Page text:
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Tuesday, August 19, 2014

Mosaic Labyrinth

So many ancient mosaics survive that we almost take them for granted and do not really pay attention to them. 

But we should ! 

For they often represent actual scenes of a past long gone or numinous myths and symbols, sending us unusual and important messages about the ancient world, and/or about ourselves...

One of them is the Labyrinth, a recurring pattern of classical Roman mosaics. Although it is more often of a square shape,

Conimbringa, Portugal. 3rd Century AD

Pompeii, Italy, 1st century AD.

it is also sometimes of circular geometry. This circle shape is probably more ancient as it is the shape of prehistoric labyrinths.
Avenches, Switzerland, circa 250 AD

In Pagan times, the center of the Labyrinth was often decorated with a depiction of the slaying of the Minotaur by Theseus.

House of the Labyrinth, Pompeii, 1st century AD

The abundance of Labyrinths designed and executed by Roman mosaicists clearly show that it still was a very powerful symbol during the first centuries of our era.

When Christianity became the official religion of the Empire, it kept the symbol, often - but not always -  removing references to Theseus. 

In some cases, Christian Churches simply "recycled" pagan labyrinths by changing their center piece. In Orleansville, Algeria the center of the Labyrinth was reworked to feature a jeu-de-lettres on the words SANCTA ECLESIA (Holy Church).

During the Middle ages labyrinths were incorporated in numerous French and Italian churches. The French Cathedrals of Chartres and Amiens (13th century) incorporate the two widest labyrinths known to us to this day.

Notre Dame de Chartres, France, early 13th century

Notre Dame d'Amiens, France, 1288

Both these huge labyrinths are still used today as prayer or meditation paths by visitors to these Churches. 

There are also a variety of smaller floor or mural labyrinth in other European Churches .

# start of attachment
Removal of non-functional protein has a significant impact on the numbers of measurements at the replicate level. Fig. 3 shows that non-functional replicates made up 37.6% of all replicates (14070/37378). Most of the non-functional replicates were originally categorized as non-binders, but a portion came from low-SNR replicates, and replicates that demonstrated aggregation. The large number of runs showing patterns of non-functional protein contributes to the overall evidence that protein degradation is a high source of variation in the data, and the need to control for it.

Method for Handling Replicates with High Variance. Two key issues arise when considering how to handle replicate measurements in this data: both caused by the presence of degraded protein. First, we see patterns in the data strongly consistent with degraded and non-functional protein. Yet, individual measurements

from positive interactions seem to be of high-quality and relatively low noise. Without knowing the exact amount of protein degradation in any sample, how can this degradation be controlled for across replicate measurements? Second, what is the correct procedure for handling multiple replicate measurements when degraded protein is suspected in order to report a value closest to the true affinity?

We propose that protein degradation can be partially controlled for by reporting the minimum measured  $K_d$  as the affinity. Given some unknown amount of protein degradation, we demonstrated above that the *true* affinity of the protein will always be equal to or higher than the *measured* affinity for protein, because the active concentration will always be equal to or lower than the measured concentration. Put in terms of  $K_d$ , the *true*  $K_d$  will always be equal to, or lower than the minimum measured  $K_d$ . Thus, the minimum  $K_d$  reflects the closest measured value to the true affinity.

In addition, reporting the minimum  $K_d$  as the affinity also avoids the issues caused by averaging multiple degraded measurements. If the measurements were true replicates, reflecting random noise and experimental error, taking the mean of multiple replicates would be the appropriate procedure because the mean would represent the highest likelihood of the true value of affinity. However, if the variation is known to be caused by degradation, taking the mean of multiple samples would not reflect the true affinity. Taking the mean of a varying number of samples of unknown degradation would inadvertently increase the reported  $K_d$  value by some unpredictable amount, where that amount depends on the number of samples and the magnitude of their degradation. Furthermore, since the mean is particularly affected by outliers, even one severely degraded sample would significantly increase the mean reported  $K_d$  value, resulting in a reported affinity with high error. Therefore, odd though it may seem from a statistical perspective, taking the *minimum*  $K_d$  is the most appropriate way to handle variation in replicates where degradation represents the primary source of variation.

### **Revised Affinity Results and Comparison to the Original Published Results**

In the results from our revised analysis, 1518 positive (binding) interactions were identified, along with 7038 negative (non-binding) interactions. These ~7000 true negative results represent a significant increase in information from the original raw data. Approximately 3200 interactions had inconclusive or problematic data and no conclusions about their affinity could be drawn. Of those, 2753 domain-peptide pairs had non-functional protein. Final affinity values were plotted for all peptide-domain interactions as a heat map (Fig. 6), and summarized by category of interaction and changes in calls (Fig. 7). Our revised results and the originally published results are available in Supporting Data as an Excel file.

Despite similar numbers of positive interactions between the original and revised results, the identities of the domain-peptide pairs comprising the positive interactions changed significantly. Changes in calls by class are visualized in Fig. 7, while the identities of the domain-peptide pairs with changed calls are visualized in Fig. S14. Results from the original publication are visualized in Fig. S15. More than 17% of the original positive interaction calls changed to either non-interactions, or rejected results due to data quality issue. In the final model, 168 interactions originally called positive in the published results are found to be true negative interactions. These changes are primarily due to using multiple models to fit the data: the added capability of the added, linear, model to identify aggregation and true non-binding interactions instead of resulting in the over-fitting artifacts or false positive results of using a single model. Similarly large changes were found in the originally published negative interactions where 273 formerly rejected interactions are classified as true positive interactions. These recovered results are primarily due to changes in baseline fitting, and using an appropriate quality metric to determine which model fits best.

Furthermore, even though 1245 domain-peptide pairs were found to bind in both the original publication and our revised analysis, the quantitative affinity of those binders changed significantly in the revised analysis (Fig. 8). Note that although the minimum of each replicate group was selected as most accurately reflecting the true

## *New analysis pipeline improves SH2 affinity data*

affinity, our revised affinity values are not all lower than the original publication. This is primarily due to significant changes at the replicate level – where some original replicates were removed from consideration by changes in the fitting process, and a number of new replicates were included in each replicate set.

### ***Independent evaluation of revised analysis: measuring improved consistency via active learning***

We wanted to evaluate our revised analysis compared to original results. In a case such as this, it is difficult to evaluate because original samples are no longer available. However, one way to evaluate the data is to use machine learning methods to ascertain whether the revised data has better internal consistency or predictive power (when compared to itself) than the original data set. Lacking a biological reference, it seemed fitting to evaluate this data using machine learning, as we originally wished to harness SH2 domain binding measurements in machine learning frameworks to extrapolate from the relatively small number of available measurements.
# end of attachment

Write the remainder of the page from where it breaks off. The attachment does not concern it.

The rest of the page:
The one at the wonderful San Vitale Basilica in Ravenna measures about 3.5 meters (11 feet) in diameter. Although originally thought to date from the sixth century, it is now generally believed to have been built at a much later date, probably during the first half of the 16th century.

Basilica San Vitale, Ravenna, Italy.

The Labyrinth is sometimes taken as an analogy for the spiritual quest. The pilgrim or mystic on his way to enlightenment or God follows a convoluted path, with numerous turns, but finally comes to the center, and then follows the same path back to the real world. 

The Labyrinth took me to mosaics, in a way I would never have dreamed of...

In the early years of this century, by a strange arrangement of coincidences, causes and conditions - this is how karma operates... - I came to built a Labyrinth for the Episcopal Church of the Nativity in Dothan. 

This is not the place to tell this story, and I told it somewhere else. But look at the odds of a French Nuclear Engineer building a prayer Labyrinth in South Alabama...

Based on the geometry of the Chartres Cathedral's, the Nativity Labyrinth measures 14 meters (42 feet) in diameter. 

Dothan, Alabama, Early 21st century

It is built of regular rectangular and circular pavers. In order to realize the curvature of the path I had to cut most of them. It took 20 months to complete the work.

Just after completion of this prayer labyrinth, I met in France Jean Pierre Soalhat of Mosaic Tahlaos. I was sooo amazed !

Beside the beauty of his work, I also realized the similarity between the techniques of mosaic and the ones I had used - on another scale - to build the Church Labyrinth.

As soon as I'd be back to the USA, I would try myself at mosaics !

I first built a small table, then the portrait of Venus after Botticelli and the 3rd piece I realized was a Labyrinth table.

Made of 3 materials only : Black Granite, Crema Marble and Red Terra Cotta, it represents the Chartres Labyrinth, flanked by classical Roman patterns.

This was my biggest piece so far. This table is so heavy it's probably tornado proof. It is now at a friend's home in Virginia.
C'est la vie ...

If you are interested in purchasing one of my existing mosaics, would like to discuss a special mosaic or labyrinthine project, or simply discuss the wonderful art of mosaics, please contact me by email at or by phone at (334) 798 1639. 

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1 comment:

  1. Hello! I am the editor of Mosaic Art NOW. I have shared your wonderful post on my Twitter and Facebook feeds where it has had a great response. So far, over 1500 people have seen it on Facebook and its been shared 16 times. Your research and writing are great! Thanks so much!